With only a few modifications, MGAs could be pressed into service in Class F racing events.

1955 MGA Performance

Road & Track was quick to wring out the 1955 MGA performance and to compare it with the TF 1500 in its October 1955 issue. R&T staffers found the new model superior in almost every respect.

For example, both were rated at 68 horsepower, but even though the MGA carried a 100-pound-plus weight penalty and ran 4.3:1 rear gearing (versus 4.875:1), it out-accelerated the old model in every category: 0-60 mph in 14.5 seconds versus 16.3, and 19.6 seconds in the quarter mile versus 20.7.

Top speed jumped to 95 mph from 85, almost totally due to the reduced air resistance of the new body -- only 94 pounds of total drag at 60 mph for the MGA compared to 119 pounds for the TF, a 21 percent improvement. R&T also obtained significantly improved fuel economy with the MGA: 30 mpg at a 65/75 mph cruise, compared to 25 mpg.

Despite the MGA's many admirable positive virtues, objections were sometimes heard (and loudly) from hard-core MG traditionalists. They mourned the passing of the square-rigged, high-radiatored classic lines, and the equally high clamshell-shaped fenders. Such noises would be heard again when the even-more-modern MGB replaced the MGA in 1962.

At the New York City MGA introduction, one zealot was heard to observe that, "The bloody thing can be mistaken for a Siata or almost anything -- except a Morgan."

"Maybe so," an American-accented chap wearing an SCCA (Sports Car Club of America) button on his lapel retorted, "but a pair of prototypes did right well at Le Mans last June."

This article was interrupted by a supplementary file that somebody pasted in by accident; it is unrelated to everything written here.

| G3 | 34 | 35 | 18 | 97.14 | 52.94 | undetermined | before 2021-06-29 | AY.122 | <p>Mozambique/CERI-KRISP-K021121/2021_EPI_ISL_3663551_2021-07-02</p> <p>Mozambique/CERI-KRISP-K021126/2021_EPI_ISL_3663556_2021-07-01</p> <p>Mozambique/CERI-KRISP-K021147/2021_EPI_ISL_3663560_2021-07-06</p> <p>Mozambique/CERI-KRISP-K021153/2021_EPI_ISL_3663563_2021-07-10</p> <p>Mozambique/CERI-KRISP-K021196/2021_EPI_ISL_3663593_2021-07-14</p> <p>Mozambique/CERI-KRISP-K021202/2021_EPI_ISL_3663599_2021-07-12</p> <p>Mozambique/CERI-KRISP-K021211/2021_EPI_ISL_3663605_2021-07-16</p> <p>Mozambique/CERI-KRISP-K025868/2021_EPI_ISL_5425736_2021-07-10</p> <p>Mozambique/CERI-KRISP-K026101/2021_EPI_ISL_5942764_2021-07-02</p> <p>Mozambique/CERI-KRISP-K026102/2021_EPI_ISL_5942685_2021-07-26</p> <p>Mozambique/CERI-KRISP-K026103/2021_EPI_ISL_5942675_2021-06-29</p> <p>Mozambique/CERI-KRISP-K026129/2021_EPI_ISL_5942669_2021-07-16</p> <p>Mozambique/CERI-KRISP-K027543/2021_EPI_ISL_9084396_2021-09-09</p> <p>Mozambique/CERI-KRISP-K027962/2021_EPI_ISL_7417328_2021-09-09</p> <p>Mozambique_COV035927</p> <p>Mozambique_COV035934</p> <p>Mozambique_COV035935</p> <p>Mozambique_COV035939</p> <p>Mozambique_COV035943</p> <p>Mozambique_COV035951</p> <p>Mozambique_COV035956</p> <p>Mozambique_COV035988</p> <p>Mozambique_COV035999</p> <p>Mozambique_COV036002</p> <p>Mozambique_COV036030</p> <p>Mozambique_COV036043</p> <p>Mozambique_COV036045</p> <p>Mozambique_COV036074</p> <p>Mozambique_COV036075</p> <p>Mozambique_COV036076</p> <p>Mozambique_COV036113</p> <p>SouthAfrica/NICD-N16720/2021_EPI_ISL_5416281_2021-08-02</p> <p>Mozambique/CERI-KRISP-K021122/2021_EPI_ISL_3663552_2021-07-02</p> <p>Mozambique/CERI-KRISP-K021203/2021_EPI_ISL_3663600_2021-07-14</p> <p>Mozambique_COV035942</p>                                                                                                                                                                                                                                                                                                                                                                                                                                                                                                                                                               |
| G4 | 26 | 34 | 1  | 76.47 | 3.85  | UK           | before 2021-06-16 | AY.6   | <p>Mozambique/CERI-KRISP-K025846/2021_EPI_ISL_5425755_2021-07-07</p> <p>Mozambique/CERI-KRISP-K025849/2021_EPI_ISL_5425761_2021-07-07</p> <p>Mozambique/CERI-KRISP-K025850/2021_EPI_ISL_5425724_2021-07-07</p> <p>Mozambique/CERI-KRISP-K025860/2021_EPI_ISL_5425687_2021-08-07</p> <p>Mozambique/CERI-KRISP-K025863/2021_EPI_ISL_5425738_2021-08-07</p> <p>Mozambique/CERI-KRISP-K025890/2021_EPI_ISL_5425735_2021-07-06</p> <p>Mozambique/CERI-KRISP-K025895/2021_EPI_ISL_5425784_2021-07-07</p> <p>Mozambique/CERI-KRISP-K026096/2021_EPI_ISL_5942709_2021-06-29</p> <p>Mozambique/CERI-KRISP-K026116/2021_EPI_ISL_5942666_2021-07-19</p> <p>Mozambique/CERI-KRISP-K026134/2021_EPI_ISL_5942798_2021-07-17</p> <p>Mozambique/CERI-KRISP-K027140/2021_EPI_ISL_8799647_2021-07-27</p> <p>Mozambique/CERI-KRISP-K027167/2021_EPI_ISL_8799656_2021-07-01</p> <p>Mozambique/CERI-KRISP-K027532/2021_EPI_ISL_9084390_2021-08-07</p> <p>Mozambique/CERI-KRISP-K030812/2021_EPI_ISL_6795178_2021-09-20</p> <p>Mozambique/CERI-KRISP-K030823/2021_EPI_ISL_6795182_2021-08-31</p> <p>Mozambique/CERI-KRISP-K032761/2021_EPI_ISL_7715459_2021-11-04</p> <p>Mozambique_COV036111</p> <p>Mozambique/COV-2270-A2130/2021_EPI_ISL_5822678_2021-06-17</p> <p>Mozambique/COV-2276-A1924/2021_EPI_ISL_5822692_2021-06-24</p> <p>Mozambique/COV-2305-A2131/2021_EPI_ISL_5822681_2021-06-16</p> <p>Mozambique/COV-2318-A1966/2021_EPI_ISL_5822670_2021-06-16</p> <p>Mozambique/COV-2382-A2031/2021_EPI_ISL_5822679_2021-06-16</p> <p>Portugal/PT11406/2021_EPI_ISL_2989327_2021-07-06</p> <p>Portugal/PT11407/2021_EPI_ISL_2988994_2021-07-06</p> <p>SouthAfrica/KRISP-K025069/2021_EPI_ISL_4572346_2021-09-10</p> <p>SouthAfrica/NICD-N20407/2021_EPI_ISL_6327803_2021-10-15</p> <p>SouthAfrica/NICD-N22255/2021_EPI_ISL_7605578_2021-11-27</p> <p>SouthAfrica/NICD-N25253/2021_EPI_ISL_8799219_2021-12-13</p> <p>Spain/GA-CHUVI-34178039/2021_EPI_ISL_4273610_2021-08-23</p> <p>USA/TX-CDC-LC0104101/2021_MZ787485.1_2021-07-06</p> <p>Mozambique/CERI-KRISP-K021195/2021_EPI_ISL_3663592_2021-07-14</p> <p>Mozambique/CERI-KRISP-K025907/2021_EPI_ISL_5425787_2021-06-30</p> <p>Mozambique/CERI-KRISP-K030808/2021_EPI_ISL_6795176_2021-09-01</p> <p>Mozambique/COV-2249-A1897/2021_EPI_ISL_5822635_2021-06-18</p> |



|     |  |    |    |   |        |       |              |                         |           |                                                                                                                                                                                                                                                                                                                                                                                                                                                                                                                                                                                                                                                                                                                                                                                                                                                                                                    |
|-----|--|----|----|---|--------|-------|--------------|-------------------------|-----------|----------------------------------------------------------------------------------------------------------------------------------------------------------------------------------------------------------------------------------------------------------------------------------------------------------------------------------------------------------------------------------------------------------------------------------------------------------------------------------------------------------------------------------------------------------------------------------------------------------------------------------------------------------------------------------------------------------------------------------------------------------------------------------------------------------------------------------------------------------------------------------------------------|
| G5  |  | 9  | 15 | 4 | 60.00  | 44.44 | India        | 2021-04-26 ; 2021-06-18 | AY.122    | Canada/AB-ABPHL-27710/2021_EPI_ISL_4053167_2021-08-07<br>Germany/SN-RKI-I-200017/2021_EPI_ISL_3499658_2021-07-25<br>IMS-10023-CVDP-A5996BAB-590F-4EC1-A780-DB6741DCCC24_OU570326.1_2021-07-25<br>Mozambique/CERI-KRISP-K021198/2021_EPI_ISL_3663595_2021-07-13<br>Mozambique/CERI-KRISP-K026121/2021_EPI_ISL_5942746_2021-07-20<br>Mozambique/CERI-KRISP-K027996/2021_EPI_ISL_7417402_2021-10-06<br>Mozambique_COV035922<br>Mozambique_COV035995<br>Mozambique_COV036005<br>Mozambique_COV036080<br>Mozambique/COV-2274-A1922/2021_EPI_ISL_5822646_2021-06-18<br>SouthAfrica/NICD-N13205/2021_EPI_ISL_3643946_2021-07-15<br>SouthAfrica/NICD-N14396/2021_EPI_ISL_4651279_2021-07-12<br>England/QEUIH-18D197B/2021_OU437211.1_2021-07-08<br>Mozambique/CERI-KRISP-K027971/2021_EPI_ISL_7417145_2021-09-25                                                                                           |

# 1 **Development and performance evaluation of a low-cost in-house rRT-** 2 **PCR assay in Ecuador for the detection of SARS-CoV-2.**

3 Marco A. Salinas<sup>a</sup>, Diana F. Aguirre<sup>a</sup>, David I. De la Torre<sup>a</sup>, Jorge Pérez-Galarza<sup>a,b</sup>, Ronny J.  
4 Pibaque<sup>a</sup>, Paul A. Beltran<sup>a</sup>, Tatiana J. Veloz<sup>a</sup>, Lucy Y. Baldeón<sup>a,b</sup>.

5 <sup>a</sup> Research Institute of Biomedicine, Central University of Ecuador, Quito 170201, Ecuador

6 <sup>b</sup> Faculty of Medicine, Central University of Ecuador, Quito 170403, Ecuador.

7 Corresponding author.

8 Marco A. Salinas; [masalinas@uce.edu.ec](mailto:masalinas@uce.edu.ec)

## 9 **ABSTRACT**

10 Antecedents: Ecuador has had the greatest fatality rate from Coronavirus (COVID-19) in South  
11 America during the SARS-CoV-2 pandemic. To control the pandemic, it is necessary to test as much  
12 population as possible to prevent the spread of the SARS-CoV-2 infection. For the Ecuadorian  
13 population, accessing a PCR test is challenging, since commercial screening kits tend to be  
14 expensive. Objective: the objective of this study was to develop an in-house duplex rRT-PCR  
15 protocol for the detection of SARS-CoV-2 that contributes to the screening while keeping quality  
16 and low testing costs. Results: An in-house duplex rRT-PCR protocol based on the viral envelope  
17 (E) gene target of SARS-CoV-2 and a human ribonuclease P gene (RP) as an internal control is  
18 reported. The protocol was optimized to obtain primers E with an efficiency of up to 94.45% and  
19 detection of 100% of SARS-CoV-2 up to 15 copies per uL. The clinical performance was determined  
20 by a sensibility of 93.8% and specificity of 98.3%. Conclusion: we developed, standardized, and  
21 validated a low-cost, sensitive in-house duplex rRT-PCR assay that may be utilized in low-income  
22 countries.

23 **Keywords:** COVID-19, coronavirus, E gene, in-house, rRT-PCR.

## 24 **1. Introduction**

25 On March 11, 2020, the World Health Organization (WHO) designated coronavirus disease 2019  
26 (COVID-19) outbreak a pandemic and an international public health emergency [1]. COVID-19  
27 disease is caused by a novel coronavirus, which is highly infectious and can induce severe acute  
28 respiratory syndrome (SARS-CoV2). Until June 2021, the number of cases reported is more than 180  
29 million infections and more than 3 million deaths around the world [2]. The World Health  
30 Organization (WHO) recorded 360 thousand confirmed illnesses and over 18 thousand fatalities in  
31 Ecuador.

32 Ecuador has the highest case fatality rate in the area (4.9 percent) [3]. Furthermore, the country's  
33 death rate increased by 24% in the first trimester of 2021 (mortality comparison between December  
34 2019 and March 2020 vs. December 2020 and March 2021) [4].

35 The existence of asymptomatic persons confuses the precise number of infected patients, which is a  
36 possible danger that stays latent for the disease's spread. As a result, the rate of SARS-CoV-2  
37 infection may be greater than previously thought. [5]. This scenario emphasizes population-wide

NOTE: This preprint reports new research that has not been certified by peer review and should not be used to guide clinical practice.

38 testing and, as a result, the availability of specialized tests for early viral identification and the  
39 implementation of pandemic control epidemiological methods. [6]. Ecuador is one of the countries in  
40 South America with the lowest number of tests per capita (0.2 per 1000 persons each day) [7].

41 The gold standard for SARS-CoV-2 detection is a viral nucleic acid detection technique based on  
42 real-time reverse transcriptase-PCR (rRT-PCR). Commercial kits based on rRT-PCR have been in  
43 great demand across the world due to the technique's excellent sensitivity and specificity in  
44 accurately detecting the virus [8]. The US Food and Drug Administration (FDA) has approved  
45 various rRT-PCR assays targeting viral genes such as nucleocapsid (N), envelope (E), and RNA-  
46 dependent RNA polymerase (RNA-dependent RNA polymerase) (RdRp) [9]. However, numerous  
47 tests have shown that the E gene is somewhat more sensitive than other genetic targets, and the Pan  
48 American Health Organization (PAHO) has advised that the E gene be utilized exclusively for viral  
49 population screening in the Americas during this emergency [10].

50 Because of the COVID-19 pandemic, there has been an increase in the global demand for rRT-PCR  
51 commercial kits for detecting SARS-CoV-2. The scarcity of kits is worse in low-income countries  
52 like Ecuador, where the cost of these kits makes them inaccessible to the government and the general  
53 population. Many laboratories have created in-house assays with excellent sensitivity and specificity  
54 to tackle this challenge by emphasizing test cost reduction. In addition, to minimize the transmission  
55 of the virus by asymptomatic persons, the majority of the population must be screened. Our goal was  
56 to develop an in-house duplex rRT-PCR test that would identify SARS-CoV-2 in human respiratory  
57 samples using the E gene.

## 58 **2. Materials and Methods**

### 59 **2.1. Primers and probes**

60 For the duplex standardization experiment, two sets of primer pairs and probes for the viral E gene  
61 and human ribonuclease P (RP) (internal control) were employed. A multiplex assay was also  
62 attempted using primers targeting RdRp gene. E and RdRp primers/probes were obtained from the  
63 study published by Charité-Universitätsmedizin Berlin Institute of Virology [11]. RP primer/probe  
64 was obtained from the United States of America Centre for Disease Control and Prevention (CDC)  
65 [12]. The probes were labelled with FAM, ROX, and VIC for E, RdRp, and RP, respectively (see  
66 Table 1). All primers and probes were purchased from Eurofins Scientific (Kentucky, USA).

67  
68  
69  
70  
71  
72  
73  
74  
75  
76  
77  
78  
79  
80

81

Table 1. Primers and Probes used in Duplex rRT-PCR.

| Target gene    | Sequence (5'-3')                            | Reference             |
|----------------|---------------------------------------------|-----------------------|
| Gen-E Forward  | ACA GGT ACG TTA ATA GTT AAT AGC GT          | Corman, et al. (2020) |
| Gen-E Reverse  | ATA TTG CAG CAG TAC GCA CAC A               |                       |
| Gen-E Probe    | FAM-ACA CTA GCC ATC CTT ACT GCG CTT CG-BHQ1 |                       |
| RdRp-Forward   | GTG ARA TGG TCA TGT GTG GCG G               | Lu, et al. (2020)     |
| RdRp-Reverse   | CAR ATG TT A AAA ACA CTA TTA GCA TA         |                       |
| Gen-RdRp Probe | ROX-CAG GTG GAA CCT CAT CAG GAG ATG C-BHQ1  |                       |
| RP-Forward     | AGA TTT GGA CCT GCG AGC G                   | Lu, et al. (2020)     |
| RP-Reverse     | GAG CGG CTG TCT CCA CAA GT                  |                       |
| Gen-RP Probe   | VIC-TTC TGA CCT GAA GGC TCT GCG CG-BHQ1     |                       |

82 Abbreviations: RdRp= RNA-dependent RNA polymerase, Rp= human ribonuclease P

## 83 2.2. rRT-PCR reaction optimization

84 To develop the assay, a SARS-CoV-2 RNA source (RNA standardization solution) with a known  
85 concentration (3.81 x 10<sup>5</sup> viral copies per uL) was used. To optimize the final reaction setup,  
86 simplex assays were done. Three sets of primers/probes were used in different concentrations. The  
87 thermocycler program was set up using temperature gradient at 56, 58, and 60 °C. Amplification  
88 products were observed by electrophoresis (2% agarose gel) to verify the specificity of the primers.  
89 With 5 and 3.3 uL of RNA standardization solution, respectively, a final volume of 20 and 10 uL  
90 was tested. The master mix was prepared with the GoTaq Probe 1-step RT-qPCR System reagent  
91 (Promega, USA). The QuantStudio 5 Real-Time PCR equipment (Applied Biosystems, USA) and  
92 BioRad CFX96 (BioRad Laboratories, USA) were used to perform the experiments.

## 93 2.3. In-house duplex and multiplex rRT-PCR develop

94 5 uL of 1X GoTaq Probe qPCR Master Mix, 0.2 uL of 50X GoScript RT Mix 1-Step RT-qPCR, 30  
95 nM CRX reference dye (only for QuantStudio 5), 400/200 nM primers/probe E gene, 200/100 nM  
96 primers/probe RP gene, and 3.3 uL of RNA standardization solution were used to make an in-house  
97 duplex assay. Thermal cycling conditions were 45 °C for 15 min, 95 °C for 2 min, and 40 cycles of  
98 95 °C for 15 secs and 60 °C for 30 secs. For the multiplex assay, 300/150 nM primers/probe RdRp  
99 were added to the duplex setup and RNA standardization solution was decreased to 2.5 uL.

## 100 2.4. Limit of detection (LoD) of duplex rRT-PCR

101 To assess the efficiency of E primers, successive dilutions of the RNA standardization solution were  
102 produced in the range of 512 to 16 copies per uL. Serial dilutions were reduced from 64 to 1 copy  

The topper was another observation from a gentleman who looked like a dignified attorney: "I own a Packard Caribbean and I'll warrant that this MGA is a helluva lot more fun to drive."

For racing events, the bumpers of the MGA were often shed to take off extra pounds.

The MGA's 94.0-inch wheelbase measured the same as the T-type Midgets and the tread, front and rear, was nearly identical. So was the tire size at 5.50 x 15. Weight had crept up a bit, however, from 1,854 to 1,988 pounds, and so had the base price, from $1,995 to $2,195.

The fuel tank was concealed for the first time on an MG sports car. And if one wanted to go on an extended trip, an early factory option was an efficient luggage rack that attached easily to the rear deck lid.

Other options included knock-off wire wheels in place of steel discs, 4.55:1 rear axle, telescoping steering column, and tonneau cover. And early in the production run, tough main bearings and what Abingdon called "tuning" increased the rated output from 68 to 72 horsepower at 5,750 rpm.

All told, there were few alternatives to the MGA: a competition-worthy Class F production sports car that could deliver a maximum of 95-plus miles per hour for only $2,450 to $2,550 ready for the road.

By the end of the first full year of production, well over 13,000 MGA 1500s had been shipped from Abingdon -- a record for MG and within less than 1,000 units of the total number of Austin-Healey 100s built from 1953 through 1956.

To follow the MGA story from 1956-1958, continue on to the next page.

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